With the pace of output on machines ever increasing, quality control becomes a lot tougher. Using AI to detect defective products sooner can help scale your quality processes and avoid significant stops.
The regularly viral tomato sorter types of videos show that basic sorting of raw materials has been around for a while and is pretty decent. But what about more complex goods like electricals or where the defect is a bad print?
In these sorts of circumstances we need to rely on computer vision (CV) – the use of cameras and artifical intelligence – to perform the task of “seeing and interpreting”. The value of using CV is that a computer can perform calculations many times faster than a human can, and can run in environments that may be unsafe for humans.
Continue reading to understand more about computer vision and how you can use it for defect detection.
What is computer vision (CV)?
Computer vision machine learning models are complex algorithms designed to recognise certain patterns in images or video streams.
We typically build CV solutions by taking images of the things we want to be able to identify and training a model of things present in the image that are most predictive of the thing we’re trying to recognise.
This doesn’t really learn like humans do and looks at different levels of pixel groups to perform an optimisation process. As a result, when we build CV solutions we need to make sure we don’t do things like show good products in boxes and bad products in a bin because the CV solution will basically detect bins first as the easiest way to tell if a product is bad.
What sort of defects can I detect with CV?
CV for defect detection can be used across most sectors of manufacturing including:
- food and beverages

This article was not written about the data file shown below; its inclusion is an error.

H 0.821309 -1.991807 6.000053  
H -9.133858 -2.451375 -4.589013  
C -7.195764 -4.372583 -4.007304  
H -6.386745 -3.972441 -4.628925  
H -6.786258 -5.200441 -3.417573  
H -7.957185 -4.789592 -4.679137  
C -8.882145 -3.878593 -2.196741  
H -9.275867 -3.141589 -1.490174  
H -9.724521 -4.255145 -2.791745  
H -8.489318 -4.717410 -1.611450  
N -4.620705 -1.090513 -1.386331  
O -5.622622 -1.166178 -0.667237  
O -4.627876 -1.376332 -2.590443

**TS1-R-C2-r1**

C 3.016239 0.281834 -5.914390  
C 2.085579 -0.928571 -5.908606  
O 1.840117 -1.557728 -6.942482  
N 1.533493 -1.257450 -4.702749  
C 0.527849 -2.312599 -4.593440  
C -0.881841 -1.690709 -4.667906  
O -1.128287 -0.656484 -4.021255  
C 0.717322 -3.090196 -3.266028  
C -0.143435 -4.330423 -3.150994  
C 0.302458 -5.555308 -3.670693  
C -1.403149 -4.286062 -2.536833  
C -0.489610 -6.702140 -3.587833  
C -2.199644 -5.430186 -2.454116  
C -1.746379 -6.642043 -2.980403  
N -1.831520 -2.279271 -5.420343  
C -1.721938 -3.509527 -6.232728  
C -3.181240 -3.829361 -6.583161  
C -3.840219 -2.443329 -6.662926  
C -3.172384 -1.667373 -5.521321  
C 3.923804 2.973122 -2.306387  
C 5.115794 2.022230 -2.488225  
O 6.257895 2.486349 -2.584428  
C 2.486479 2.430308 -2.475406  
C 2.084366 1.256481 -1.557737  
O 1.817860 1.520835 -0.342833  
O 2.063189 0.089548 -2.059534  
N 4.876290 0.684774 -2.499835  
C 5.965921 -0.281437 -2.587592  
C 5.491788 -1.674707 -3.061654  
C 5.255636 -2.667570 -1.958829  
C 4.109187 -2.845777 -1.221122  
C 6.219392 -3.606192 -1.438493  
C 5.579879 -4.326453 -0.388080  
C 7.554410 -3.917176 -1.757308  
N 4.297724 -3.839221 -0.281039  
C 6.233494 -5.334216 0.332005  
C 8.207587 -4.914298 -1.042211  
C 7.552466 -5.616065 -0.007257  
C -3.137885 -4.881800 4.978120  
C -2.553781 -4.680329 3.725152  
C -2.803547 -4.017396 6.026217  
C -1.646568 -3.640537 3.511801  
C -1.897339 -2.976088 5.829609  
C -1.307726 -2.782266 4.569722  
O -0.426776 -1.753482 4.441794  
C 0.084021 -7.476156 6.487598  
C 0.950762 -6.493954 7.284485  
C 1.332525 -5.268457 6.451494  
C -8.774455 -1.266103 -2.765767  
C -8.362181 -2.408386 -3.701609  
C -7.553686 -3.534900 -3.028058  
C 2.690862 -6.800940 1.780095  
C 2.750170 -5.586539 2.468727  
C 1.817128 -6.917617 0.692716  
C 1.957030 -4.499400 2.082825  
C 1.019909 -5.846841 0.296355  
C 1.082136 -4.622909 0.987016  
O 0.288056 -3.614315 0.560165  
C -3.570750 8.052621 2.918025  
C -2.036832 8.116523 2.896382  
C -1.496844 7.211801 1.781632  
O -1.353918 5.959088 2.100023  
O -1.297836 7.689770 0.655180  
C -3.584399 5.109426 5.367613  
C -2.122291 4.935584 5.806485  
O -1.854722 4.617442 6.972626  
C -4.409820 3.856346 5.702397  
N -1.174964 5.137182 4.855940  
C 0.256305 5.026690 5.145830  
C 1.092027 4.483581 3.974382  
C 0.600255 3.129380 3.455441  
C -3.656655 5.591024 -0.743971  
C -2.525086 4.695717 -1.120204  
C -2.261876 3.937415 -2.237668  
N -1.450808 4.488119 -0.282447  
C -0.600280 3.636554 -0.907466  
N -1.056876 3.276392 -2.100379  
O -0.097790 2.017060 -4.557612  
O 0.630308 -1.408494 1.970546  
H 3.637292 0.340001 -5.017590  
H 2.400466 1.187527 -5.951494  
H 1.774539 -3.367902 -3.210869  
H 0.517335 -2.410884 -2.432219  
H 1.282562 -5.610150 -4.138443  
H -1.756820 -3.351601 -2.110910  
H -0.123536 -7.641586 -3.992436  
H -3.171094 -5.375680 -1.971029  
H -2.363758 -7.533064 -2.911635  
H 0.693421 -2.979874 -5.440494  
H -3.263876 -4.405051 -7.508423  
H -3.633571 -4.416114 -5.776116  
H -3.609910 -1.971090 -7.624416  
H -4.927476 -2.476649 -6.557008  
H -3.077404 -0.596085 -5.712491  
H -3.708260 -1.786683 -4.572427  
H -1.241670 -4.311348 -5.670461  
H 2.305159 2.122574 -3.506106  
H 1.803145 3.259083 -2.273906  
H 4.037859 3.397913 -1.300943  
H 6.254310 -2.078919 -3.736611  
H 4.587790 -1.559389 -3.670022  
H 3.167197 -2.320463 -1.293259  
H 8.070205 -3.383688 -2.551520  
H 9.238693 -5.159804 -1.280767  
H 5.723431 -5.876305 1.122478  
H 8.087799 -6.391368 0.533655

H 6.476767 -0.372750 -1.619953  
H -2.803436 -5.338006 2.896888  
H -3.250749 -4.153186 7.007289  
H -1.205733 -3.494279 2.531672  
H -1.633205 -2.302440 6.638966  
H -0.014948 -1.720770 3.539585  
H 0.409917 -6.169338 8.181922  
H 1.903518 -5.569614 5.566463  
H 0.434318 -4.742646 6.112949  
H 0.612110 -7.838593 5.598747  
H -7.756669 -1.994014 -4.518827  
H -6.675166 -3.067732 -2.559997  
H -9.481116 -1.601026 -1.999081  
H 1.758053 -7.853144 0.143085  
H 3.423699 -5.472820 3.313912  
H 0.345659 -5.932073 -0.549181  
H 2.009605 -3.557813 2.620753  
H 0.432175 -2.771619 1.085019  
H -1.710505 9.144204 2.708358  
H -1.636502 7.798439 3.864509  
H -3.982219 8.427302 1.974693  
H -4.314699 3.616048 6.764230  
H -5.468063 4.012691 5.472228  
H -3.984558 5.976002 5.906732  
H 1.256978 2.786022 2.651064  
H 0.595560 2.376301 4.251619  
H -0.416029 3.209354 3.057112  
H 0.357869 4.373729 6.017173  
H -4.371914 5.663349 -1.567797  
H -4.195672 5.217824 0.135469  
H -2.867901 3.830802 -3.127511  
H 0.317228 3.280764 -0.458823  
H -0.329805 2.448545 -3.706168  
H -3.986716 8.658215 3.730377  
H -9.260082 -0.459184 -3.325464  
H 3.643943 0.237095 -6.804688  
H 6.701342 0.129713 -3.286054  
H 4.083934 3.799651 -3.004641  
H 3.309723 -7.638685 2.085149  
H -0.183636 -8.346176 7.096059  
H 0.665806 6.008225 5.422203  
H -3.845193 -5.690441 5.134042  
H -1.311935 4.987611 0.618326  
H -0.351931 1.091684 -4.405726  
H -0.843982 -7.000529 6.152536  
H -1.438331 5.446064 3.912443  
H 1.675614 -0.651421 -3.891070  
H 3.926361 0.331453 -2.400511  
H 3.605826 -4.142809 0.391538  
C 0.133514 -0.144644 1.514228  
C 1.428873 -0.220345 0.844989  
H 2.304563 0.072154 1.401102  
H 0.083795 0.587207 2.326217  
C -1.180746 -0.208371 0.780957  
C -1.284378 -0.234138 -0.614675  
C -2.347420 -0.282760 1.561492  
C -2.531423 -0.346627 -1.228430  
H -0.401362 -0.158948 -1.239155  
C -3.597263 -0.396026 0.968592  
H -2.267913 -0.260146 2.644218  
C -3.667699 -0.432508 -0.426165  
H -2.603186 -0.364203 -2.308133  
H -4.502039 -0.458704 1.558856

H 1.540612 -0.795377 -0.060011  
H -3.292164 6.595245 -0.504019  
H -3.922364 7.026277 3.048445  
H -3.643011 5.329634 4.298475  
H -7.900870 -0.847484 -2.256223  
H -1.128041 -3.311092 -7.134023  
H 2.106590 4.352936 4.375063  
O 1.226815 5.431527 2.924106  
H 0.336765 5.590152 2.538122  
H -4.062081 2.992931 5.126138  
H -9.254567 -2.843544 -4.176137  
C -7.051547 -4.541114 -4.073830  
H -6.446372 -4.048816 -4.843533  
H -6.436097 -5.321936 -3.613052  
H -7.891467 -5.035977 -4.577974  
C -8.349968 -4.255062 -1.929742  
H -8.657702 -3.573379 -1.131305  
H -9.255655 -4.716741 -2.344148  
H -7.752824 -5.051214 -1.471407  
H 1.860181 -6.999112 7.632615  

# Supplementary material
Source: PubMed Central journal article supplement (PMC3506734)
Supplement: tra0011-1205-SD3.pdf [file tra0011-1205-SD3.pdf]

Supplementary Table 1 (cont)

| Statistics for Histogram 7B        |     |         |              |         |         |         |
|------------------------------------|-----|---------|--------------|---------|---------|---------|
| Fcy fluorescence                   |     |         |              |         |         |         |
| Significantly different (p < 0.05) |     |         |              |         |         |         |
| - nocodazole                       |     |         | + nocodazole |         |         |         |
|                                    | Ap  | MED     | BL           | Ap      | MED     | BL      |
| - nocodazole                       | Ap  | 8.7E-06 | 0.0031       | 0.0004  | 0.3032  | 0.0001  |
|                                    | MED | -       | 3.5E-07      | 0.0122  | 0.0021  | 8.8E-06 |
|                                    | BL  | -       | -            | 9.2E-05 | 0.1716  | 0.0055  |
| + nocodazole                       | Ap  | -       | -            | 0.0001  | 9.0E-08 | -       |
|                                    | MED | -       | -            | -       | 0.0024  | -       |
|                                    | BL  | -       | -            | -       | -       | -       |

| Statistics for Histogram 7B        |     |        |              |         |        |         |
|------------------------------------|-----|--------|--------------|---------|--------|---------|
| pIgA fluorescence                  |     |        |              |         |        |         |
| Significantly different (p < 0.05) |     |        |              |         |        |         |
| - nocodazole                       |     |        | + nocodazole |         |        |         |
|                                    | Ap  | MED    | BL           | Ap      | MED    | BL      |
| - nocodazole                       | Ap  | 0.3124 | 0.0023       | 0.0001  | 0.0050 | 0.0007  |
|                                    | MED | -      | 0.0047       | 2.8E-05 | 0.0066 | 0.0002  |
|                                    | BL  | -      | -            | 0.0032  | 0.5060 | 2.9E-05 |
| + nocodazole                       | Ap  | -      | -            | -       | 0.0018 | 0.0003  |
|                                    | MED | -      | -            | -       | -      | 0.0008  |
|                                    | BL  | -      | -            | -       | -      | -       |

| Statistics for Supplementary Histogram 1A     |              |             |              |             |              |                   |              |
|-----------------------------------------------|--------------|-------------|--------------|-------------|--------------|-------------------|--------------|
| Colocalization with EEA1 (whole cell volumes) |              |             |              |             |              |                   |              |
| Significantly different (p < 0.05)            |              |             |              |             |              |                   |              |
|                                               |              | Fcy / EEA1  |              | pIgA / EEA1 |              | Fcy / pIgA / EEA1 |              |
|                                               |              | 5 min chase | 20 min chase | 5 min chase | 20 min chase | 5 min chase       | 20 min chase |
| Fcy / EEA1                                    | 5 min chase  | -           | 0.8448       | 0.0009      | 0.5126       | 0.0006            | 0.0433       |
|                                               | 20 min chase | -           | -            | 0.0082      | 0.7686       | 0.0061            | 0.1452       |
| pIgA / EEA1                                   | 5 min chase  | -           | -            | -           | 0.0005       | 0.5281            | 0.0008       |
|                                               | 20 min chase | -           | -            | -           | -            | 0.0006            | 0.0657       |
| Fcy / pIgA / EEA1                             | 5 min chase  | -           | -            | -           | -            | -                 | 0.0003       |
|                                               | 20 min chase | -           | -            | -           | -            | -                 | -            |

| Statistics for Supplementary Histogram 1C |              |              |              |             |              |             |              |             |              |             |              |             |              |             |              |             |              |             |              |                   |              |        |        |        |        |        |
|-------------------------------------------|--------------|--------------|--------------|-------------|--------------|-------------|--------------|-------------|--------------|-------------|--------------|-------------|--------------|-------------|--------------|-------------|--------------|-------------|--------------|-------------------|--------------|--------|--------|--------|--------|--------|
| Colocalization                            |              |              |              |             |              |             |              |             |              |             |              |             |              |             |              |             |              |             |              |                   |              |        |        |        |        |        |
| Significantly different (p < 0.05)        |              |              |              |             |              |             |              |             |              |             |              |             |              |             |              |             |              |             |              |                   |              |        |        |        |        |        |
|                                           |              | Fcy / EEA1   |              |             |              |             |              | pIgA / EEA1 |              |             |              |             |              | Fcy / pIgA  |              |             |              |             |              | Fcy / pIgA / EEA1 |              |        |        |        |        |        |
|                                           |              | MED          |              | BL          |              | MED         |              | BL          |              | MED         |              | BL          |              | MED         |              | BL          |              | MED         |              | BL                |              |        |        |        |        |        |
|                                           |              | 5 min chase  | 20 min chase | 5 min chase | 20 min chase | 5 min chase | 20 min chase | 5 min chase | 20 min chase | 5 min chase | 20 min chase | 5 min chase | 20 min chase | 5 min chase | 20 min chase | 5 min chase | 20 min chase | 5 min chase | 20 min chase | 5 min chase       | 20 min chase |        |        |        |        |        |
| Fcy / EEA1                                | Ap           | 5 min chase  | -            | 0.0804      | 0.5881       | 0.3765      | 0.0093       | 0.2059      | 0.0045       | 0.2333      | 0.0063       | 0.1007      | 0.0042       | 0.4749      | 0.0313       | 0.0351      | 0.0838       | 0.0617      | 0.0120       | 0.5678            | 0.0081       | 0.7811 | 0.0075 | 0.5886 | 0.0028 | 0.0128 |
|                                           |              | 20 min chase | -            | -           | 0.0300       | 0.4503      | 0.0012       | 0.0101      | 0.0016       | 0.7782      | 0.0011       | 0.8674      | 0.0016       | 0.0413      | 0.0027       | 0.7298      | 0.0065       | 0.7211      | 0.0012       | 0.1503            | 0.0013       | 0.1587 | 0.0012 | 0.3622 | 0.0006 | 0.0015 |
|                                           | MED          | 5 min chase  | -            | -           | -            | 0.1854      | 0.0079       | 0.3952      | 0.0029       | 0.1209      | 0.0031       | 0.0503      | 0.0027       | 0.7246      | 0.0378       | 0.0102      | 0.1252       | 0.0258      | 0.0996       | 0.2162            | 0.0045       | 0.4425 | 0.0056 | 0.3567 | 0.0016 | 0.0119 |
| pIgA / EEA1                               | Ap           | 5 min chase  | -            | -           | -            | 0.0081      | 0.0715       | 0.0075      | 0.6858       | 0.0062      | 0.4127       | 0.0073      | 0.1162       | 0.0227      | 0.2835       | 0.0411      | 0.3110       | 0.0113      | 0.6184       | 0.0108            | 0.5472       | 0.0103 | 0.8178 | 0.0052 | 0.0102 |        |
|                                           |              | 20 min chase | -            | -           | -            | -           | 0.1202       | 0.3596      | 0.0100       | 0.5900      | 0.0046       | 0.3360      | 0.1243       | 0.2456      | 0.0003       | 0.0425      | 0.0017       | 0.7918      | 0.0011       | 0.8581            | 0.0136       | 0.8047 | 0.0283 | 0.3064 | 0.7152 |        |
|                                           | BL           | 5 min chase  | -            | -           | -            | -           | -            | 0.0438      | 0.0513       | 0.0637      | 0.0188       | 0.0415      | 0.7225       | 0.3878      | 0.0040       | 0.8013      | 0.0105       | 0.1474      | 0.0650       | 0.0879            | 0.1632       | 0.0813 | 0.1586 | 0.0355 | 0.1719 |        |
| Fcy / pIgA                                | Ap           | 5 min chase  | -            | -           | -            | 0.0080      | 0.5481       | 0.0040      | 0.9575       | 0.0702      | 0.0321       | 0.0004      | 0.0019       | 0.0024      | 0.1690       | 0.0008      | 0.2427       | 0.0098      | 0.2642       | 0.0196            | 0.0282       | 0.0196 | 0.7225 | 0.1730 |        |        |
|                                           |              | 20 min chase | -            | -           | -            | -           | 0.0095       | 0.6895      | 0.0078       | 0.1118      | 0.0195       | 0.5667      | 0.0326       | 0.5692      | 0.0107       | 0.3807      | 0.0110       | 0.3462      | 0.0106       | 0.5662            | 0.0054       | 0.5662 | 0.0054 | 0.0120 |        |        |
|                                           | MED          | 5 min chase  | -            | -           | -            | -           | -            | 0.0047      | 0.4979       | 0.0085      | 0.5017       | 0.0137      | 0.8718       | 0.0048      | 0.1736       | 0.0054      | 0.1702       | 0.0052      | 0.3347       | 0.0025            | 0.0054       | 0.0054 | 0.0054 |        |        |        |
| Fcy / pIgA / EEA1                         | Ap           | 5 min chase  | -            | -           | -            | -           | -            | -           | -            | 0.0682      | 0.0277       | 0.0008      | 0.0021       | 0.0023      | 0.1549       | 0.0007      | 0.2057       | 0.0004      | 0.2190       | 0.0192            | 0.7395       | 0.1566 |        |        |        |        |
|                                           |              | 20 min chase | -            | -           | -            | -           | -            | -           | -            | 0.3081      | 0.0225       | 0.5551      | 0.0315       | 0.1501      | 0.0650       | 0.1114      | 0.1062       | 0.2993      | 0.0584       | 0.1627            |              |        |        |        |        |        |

For most of the industries you can identify visual non-conformities like misprints, incorrect colours, dents, scratches, and more.
NEC, who make a visual inspection system, produced this handy diagram explaining the areas within the different sectors that can benefit from computer vision.
How do I get started with CV?
There are advances in machines with computer vision integrated solutions but new hardware is expensive!
I recommend starting with defect detection solutions that use non-invasive cameras and report problems to humans to pick the defective products off the line. This allows you test the concept cheaply, apply it in a targeted fashion, and use relatively commodity hardware.
I mentioned NEC above as a solution provider in this area and there many others in this growing field, including landing.ai a startup founded by Dr. Andrew Ng, one of the leading advocates for AI.
Can I make my own computer vision systems?
Yes! You could start with a kit as cheap as a small webcam and Raspberry Pi to build your own solution.
There are open source (ie free to use) frameworks for computer vision that would allow you to entirely train your own defect detection models and you can use relatively low-end hardware for actually hosting the solution close to your machines.
These sort of solutions are possible, so much that people have even put these Raspberry Pi implementations on drones for defect detection on the move.
It can definitely be done in a super cheap way, but that being said, doing everything from scratch is pretty daunting.
Starting to be rolled out by Microsoft is their Azure Percept device. Azure Percept can be used to process video data and perform actions based on the results of a machine learning model, including the use of their off-the-shelf and custom computer vision models. These are lower code solutions to build a pilot project than the full DIY solution but give you a strong foundation from a major software vendor.
Aside of defect detection, what else can I use computer vision for?
Visual recognition tools can be used to aid robots and machines with things like label placement, package inspection and sorting.
Computer vision can also be used to track health and safety on the shop floor, from identifying individuals who are not wearing safety equipment to spotting contamination risks, the system may even intervene, blocking access when noncompliance is identified, or halting dangerous machinery to prevent injuries.
Visual recognition systems can be used for text and barcode reading which has several applications in manufacturing, such as checking the right parts are being used or sorting and tracking item through the factory. Computer vision can also be used to guide operators through complicated processes such as assembling an item, by checking codes on parts and interacting with the operator through gestures.
Excerpt from our larger AI in manufacturing article